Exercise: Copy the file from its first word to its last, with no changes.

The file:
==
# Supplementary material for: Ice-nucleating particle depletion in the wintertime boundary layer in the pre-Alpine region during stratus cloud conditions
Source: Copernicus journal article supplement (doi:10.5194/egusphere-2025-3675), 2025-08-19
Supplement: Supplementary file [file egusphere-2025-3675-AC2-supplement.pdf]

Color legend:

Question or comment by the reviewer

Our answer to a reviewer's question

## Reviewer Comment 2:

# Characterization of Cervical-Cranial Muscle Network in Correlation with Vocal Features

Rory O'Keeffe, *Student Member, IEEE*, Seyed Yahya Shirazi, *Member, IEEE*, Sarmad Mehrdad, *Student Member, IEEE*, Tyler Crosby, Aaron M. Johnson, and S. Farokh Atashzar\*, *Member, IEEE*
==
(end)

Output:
# Supplementary material for: Ice-nucleating particle depletion in the wintertime boundary layer in the pre-Alpine region during stratus cloud conditions
Source: Copernicus journal article supplement (doi:10.5194/egusphere-2025-3675), 2025-08-19
Supplement: Supplementary file [file egusphere-2025-3675-AC2-supplement.pdf]

Color legend:

Question or comment by the reviewer

Our answer to a reviewer's question

## Reviewer Comment 2:

# Characterization of Cervical-Cranial Muscle Network in Correlation with Vocal Features

Rory O'Keeffe, *Student Member, IEEE*, Seyed Yahya Shirazi, *Member, IEEE*, Sarmad Mehrdad, *Student Member, IEEE*, Tyler Crosby, Aaron M. Johnson, and S. Farokh Atashzar\*, *Member, IEEE*